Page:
Warning: A non-numeric value encountered in /homepages/11/d669422421/htdocs/Websites/Events/wp-content/themes/Divi/functions.php on line 5752


Prof. Mark Miodownik

Talk Title: Stuff Matters

Mark Miodownik is the UCL Professor of Materials & Society.  He received his Ph.D in turbine jet engine alloys from Oxford University, and has worked as a materials engineer in the USA, Ireland and the UK. For more than fifteen years he has championed materials science research that links to the arts and humanities, medicine, and society. This culminated in the establishment of the UCL Institute of Making, where he is a director and runs the research programme.  Mark is an award winning author and regularly presents BBC TV and radio programmes on materials science and engineering.  In 2014 he was elected a fellow of the Royal Academy of Engineering. In 2018 he was awarded an MBE for services to materials science, engineering and broadcasting.

Prof. Rachel O'Reilly

Talk Title: Redesigning the World of Plastics

Rachel’s love of practical science led her to study Chemistry at Cambridge and Imperial College, exploring new polymer materials. She became a Professor aged just 34, and is now Head of the School of Chemistry at the University of Birmingham and winner of many accolades; she was a Finalist in the 2019 UK Blavatnik Awards. Rachel creates polymers that mimic features of biological materials such as viruses and cells; these nanomaterials might have self-assembly properties, or enable controlled release or cascade reactions, offering useful applications in drug delivery.

Dr. Lewis Owen

Talk Title: The Periodic Playground – the Use of Elements in Materials Science

Dr Lewis Owen is a Research Fellow at Gonville and Caius College, Cambridge. As an undergraduate, Lewis studied Natural Sciences at the University of Cambridge, specialising in Chemistry, for which he received the Norrish Prize for distinction in Physical Chemistry. He went on to complete a PhD at the University of Cambridge, in conjunction with the ISIS Neutron and Muon Source. His research focuses on X-ray and Neutron Scattering techniques used to study materials. Specifically, he works on the use and application of the total scattering technique for the study of local effects in alloy systems. His work on the subject has been awarded prizes by the Cambridge Society for the Application of Research, and from the British Crystallographic Association (Malvern PANalytical Thesis Prize in Physical Crystallography). In his spare time he is also a keen musician, singer and conductor, and enjoys acting.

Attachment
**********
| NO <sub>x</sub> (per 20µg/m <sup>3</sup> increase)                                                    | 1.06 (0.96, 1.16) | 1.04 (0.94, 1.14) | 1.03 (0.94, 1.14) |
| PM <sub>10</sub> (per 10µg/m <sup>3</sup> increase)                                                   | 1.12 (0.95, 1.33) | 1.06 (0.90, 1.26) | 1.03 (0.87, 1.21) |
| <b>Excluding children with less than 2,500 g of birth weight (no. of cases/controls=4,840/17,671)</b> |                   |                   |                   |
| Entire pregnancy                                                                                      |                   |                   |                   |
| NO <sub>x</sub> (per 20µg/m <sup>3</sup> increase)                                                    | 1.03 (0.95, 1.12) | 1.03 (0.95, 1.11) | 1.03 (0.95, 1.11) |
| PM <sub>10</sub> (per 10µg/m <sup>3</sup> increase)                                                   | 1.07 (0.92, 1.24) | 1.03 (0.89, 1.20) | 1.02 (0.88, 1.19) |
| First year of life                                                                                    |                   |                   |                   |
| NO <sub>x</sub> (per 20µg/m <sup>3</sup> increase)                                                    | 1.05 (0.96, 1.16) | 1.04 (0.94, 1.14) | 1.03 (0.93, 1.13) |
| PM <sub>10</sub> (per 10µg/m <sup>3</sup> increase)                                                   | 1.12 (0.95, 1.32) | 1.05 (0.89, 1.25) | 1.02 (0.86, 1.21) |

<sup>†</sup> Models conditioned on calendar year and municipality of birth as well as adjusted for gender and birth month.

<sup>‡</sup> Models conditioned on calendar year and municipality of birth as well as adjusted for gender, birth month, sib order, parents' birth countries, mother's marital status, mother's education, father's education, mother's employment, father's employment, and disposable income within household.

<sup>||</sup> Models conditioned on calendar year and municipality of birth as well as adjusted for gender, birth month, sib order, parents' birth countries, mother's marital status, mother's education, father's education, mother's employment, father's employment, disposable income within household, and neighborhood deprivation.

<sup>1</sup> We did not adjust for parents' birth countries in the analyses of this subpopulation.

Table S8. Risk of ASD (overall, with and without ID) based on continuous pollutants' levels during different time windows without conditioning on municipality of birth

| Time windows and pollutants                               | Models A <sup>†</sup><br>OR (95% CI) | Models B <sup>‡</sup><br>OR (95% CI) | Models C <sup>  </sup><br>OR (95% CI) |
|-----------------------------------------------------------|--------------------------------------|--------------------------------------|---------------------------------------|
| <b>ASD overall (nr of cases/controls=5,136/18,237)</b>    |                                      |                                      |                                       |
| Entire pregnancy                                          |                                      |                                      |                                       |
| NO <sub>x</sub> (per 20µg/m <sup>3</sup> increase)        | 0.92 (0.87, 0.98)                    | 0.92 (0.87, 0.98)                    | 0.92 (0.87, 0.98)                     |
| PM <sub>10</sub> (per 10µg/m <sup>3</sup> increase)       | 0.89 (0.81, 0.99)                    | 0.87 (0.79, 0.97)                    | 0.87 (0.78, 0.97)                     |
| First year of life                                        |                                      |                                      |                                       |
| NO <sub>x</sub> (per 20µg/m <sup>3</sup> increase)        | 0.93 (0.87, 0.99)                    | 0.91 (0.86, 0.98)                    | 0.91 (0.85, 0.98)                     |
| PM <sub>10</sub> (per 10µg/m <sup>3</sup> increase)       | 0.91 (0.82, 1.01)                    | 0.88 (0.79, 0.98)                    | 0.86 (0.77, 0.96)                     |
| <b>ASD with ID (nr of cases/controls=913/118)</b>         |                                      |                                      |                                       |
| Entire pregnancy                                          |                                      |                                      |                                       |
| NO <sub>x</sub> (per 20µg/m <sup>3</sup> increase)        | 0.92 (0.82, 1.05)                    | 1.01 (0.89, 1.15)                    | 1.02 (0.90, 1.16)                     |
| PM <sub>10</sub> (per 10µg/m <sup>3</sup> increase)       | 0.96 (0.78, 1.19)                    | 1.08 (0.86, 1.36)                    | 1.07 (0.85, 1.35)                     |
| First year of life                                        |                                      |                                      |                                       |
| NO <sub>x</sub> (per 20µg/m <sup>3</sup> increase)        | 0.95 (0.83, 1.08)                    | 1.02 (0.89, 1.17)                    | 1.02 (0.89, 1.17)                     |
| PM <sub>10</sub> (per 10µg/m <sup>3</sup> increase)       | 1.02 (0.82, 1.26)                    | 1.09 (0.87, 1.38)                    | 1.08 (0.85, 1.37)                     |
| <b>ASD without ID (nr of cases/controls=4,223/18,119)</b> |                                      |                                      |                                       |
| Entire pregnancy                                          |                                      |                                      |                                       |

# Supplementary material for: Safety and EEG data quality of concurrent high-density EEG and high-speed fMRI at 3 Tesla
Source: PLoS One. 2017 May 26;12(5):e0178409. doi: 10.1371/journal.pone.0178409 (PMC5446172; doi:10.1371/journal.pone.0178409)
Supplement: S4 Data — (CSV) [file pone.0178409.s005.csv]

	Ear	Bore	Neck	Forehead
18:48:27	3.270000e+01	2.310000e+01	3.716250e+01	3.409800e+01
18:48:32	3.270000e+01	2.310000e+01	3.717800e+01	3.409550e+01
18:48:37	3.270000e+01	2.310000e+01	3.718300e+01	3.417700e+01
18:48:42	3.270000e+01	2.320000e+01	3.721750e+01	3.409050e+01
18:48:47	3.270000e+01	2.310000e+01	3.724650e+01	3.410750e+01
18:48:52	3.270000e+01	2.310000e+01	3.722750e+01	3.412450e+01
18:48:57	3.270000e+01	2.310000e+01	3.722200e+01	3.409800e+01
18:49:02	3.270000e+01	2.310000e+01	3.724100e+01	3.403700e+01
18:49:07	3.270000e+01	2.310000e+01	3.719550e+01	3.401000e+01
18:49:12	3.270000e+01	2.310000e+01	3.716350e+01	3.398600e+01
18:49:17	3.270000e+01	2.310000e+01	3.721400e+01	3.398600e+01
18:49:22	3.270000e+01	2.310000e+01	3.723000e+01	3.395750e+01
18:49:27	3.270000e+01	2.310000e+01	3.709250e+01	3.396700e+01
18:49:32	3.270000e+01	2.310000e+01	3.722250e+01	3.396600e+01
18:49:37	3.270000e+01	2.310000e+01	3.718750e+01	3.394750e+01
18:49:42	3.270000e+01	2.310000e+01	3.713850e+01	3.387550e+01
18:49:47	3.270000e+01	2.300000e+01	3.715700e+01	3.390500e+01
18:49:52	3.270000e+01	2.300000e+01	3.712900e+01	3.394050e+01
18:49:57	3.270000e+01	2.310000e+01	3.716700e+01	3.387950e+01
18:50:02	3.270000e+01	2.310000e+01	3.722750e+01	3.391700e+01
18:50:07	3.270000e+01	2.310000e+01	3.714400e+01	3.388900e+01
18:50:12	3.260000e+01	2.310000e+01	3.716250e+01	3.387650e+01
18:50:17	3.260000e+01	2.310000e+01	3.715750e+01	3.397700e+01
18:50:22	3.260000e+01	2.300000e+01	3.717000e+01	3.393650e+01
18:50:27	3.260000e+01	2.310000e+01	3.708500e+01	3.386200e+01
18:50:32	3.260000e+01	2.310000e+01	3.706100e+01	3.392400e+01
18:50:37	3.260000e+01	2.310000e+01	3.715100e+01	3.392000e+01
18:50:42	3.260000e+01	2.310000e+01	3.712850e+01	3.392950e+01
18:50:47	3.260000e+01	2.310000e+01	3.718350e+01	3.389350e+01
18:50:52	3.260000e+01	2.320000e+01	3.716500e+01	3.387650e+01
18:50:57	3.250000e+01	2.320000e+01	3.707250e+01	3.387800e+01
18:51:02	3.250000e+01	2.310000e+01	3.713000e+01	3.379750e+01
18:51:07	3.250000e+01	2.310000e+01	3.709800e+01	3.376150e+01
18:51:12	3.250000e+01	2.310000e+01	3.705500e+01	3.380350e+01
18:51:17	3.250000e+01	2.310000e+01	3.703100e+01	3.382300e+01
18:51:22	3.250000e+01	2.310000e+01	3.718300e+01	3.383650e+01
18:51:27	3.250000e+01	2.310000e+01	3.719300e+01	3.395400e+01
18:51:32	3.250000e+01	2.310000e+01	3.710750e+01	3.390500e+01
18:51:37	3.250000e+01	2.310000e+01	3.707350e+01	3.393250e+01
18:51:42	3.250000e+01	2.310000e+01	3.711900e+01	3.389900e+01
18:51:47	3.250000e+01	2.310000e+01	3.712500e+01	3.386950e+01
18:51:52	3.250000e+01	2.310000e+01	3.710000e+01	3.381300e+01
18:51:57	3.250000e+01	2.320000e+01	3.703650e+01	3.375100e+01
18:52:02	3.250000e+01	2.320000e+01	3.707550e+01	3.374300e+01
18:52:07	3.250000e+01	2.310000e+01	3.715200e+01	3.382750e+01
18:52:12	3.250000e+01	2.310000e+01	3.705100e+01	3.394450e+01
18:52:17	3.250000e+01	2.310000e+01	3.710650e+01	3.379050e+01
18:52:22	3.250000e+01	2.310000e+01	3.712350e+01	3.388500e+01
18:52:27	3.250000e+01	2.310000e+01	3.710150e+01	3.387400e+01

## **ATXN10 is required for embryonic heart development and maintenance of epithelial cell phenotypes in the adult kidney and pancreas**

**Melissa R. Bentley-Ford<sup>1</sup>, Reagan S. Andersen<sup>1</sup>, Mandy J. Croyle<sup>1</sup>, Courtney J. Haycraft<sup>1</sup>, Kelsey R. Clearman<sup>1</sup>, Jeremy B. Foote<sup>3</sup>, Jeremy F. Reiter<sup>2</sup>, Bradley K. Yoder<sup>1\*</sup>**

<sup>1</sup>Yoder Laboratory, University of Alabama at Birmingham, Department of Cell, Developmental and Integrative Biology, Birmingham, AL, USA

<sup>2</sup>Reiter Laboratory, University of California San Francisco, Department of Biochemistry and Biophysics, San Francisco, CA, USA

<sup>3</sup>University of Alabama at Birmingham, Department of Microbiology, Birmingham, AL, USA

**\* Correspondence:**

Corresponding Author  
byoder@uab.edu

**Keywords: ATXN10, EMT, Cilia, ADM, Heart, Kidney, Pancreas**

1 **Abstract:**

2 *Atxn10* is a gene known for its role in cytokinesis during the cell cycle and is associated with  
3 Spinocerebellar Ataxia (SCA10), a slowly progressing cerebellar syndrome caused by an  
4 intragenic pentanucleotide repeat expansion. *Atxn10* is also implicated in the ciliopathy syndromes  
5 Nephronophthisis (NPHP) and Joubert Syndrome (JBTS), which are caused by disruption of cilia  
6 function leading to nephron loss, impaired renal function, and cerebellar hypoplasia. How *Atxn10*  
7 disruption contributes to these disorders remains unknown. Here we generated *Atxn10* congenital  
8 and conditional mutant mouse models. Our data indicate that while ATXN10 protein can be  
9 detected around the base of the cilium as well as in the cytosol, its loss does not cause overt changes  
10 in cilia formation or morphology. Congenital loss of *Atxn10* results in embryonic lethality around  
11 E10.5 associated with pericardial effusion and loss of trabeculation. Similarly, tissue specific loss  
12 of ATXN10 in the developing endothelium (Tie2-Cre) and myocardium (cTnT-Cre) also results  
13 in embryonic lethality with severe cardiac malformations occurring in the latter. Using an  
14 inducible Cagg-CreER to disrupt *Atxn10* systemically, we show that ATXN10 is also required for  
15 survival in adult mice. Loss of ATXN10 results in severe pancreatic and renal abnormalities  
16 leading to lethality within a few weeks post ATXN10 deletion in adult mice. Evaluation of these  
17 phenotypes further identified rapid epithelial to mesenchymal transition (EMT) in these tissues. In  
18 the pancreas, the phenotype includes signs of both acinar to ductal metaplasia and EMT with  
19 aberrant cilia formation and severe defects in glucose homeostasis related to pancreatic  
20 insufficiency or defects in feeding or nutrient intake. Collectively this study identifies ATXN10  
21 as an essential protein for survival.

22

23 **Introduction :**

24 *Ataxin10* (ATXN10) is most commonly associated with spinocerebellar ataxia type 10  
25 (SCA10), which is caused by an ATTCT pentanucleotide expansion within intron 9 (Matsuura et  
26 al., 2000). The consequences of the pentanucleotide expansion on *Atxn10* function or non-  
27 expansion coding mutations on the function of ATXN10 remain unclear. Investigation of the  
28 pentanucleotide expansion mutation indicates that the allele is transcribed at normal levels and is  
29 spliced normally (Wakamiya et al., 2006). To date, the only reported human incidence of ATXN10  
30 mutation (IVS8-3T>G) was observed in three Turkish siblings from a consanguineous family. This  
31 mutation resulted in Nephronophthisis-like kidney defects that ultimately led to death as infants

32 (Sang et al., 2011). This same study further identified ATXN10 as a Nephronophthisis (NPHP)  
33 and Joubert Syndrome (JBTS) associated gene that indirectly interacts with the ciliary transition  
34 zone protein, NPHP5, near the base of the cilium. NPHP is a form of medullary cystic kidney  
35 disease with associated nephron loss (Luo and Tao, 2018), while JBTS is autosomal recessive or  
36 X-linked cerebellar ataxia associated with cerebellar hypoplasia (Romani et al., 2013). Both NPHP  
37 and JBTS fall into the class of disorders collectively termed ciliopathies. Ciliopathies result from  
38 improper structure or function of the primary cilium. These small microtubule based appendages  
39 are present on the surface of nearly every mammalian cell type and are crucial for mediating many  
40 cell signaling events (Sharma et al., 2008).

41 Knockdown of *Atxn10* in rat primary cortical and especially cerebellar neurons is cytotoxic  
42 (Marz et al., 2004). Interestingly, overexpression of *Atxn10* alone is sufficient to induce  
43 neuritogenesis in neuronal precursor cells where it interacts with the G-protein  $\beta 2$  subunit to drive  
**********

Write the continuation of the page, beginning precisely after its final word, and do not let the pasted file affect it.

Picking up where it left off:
Kayisha Payne

Kayisha Payne began her Higher Education journey at Aston University where she read Chemical Engineering. She continued her education at Imperial College London, where she received a Masters’ in Advanced Chemical Engineering with a heavy focus on Biochemical Engineering and Drug Development. During Kayisha’s time in industry, she has amassed experience in the Cosmetic Industry (COTY) as a Process Engineer, playing a key lead in bringing a very popular product to market. She also has Project Management experience working within the Pharmaceutical and Technology team at Mace. Currently, she holds a position as a Scientist at AstraZeneca. Realising the lack of representation of Black individuals in STEM from education right through to industry, as of January 2018, she founded a non-profit organisation named BBSTEM, Black British Professionals in Science, Technology, Engineering and Maths. The aims are to encourage, enable, and energise individuals in education and industry to widen the participation and contribution of Black individuals in STEM.

Prof. Julia Gog

Talk Title: Maths vs Disease

Julia Gog is the Professor of Mathematical Biology at the Department of Applied Mathematics and Theoretical Physics, University of Cambridge. She is also the David N. Moore Fellow and the Director of Studies in Mathematics at Queens’. Julia’s research interests are mainly in the dynamics and evolution of influenza. Recent projects have also included using data to understand the spatial patterns of influenza spread in the US and the UK.